Defence Report Questions And Answers
Broad defence issues
How were these decisions made?
These decisions are the result of a process that began with Parliament’s Foreign Affairs, Defence and Trade Select Committee’s report, Defence Beyond 2000. The Committee’s report was based on wide public consultation and input from 1997-1999. It provided the foundation for The Government’s Defence Policy Framework which was released in June 2000. The Framework outlined the government’s goals and priorities for defence.
In June 2000, the government also released Strategic Assessment 2000 prepared by the External Assessments Bureau (EAB), a unit of the Department of Prime Minister and Cabinet, and the Ministry of Foreign Affairs and Trade’s New Zealand’s Foreign And Security Policy Challenges. All four documents provided the guidance for the defence reviews which are the basis for these decisions.
What do these decisions mean for New Zealand’s defence policy?
These decisions will ensure that the Defence Force is able to meet New Zealand’s own defence and security objectives and to contribute effectively and appropriately internationally when it is deployed. This includes protecting New Zealand’s territorial sovereignty, meeting shared alliance commitments to Australia, fulfilling obligations and responsibilities in the South Pacific as well as contributing to peace support and humanitarian relief operations further afield.
Do these decisions structure the NZDF for peacekeeping?
The Defence Force will continue to be trained and equipped to operate safely and effectively in both combat and peacekeeping operations.
What are the threats and security challenges New Zealand is likely to face?
The EAB’s strategic assessment concluded that New Zealand is not directly threatened by any other country and is unlikely to be involved in a widespread armed conflict. There is no country in the region, or further afield for that matter, with the capacity and will to threaten New Zealand directly.
The EAB assessment indicated, however, that New Zealand is likely to face low-level security challenges such as competition for marine resources in our Exclusive Economic Zone, the Southern Ocean and Antarctic waters. That is why the government has decided to enhance New Zealand’s maritime surveillance coverage by improving the Air Force and Navy’s maritime patrol capabilities and establishing the Maritime Co-ordination Centre at the new NZDF Joint Operational Headquarters at Trentham.
There are also likely to be a number of security challenges in the South Pacific and the wider Asia-Pacific region which New Zealand may become involved in, such as the ongoing peacekeeping operation in East Timor and Bougainville. New Zealand’s involvement in these and earlier peacekeeping operations in Bosnia and elsewhere justify the government’s decision to make rebuilding and re-equipping the Army a high priority. They also demonstrate New Zealand's willingness to contribute effectively and appropriately in the international arena.
Why is the Government increasing defence spending?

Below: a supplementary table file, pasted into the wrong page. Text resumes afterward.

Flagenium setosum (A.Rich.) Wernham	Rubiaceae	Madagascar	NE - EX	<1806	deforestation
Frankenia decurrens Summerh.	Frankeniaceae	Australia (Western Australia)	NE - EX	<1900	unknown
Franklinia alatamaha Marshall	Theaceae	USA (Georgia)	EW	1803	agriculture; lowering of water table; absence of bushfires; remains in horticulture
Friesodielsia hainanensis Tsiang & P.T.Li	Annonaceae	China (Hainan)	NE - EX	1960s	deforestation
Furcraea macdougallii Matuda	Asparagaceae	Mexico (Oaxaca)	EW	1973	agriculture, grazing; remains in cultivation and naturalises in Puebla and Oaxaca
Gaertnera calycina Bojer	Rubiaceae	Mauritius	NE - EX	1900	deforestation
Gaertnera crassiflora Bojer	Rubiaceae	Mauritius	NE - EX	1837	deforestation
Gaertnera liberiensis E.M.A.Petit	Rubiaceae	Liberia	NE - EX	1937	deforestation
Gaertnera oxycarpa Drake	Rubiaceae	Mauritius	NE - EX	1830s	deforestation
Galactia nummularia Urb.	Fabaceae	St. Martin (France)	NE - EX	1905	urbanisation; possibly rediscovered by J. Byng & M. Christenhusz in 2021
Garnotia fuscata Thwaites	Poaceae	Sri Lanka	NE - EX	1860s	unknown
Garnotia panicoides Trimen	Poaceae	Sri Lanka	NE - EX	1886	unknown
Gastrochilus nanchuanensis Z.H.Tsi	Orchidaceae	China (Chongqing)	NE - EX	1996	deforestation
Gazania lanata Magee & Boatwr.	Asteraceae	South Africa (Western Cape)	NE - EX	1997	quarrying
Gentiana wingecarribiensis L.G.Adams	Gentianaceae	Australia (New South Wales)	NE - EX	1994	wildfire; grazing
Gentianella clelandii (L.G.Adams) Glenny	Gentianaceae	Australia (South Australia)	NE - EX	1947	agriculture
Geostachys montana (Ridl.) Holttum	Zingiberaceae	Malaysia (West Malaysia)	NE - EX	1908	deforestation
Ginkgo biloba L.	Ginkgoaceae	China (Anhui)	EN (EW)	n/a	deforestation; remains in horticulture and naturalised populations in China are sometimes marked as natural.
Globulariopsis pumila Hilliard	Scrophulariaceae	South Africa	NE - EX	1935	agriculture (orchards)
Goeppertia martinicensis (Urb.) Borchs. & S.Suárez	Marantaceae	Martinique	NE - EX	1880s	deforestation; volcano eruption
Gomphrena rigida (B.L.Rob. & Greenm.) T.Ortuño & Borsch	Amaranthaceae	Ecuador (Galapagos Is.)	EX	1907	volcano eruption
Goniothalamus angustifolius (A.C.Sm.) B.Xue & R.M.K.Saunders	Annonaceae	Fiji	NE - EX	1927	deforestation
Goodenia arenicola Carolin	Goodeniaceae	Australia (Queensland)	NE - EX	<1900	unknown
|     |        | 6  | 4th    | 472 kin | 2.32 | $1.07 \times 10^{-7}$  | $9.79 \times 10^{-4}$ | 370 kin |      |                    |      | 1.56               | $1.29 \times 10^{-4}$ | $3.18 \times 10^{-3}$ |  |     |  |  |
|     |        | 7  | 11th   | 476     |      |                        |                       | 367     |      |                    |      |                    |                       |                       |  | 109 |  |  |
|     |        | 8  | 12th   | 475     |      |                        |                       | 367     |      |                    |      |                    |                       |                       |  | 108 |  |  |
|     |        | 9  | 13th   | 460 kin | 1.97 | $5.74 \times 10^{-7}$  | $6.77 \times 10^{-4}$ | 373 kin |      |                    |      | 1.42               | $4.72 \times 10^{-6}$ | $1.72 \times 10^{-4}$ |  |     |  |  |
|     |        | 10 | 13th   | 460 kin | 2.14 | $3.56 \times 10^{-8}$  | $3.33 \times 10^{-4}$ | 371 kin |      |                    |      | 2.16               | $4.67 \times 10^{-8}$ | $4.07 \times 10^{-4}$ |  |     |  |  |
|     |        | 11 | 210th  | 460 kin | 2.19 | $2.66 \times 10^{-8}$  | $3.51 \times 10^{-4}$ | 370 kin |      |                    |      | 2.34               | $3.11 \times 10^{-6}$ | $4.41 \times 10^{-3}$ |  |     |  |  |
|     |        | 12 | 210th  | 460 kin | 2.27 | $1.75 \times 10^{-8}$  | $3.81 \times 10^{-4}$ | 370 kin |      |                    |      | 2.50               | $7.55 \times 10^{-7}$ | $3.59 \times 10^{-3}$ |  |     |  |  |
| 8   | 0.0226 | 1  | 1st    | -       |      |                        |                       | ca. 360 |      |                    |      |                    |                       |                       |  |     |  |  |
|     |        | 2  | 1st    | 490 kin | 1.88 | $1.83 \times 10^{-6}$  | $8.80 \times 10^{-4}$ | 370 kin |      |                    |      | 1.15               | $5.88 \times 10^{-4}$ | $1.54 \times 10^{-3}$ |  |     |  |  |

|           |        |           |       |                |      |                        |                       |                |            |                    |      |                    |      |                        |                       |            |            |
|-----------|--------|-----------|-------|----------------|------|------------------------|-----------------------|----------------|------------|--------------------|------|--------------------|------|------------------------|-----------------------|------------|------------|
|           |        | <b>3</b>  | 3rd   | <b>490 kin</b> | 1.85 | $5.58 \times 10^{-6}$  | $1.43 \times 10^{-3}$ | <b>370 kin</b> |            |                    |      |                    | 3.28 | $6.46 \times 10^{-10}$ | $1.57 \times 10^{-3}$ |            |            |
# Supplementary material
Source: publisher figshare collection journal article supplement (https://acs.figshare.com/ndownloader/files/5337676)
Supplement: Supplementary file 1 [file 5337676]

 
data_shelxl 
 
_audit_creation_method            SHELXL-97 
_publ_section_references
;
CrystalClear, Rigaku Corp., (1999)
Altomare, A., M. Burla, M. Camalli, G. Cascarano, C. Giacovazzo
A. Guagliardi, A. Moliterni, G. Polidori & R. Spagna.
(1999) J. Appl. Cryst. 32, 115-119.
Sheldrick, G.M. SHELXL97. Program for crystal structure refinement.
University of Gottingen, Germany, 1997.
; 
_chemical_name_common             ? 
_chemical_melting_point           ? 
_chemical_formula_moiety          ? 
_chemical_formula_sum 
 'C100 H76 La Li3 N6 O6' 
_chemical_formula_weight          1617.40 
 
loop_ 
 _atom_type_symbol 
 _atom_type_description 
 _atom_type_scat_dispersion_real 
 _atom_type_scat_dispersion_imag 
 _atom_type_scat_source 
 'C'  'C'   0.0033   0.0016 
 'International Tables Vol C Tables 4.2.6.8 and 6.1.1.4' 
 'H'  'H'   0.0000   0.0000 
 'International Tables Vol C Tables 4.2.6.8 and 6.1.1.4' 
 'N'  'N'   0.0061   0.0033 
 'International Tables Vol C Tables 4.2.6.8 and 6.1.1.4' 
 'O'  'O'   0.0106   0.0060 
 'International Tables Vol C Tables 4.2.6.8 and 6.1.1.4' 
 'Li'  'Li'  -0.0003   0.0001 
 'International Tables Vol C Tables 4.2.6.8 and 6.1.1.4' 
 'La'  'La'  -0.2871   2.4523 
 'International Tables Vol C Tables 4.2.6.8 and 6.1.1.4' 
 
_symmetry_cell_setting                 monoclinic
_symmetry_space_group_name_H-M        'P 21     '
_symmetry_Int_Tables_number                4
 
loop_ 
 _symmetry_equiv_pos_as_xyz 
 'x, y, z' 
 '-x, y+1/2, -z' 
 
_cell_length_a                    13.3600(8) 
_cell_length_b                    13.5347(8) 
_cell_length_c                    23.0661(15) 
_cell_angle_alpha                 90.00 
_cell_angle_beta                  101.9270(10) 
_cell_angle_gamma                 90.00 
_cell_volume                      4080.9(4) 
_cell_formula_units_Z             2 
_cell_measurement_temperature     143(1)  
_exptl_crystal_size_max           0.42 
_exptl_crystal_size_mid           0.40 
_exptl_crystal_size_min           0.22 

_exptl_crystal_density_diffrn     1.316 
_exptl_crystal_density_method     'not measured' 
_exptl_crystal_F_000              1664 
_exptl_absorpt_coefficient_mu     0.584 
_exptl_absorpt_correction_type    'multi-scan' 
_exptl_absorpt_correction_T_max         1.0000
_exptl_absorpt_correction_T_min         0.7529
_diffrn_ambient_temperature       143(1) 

An increase in defence spending is necessary to address the critical equipment deficiencies in the Army, Navy, and Air Force and to ensure that New Zealand retains a modern, well-equipped Defence Force.
Net operating funding available for the Defence Force will increase by over $300 million over the next five years and around $700 million over the next ten years. It is estimated that up to one billion dollars capital injection will be required over the next ten years. Total capital investment over that period is likely to exceed two billion dollars
Have our friends and allies been informed?
The governments of Australia, Singapore, Malaysia, Thailand, the United Kingdom and the United States have been informed of these decisions. They accept that it is for New Zealand alone to make its own defence decisions and that these will be based on our assessment of New Zealand’s defence and security needs and priorities.
What will these decisions mean for our ability to operate with our allies?
There is a range of equipment across the Army, Navy and Air Force which is old and needs to be either upgraded or replaced urgently. Providing the Defence Force with modern and upgraded equipment will ensure that its personnel can work effectively with the defence forces of other countries in the region, and, in particular, with Australia, our closest and most important defence partner.
Does local industry stand to benefit from any of the decisions?
As a result of these decisions, a number of studies will be conducted to decide the best way of replacing old equipment. Local industry will have the opportunity to tender for contracts.
What is the Government doing to manage the impact of these decisions on the people and communities affected by them?
The future of the serving and civilian members of the air combat force is a primary concern of the government. Managing the impact on RNZAF staff based at Ohakea is a high priority task for the Chief of Defence Force, Chief of Air Staff, and for the Minister of Defence.
What is the Government doing about the Army?
The Army’s significant involvement in the ongoing peacekeeping operations in East Timor and Bougainville have highlighted the difficulties of being involved in two or more operations at the same time. To ensure that the Army can continue to provide this level of support in the future, the government intends to enhance the role of the Territorial Forces. Specialist Army personnel, such as artillery personnel, will also be used in infantry roles to increase the number of people that can be sent on these sort of operations. The Army will continue to be structured around two light infantry battalions.
Will there be employment protection for the Territorial Force?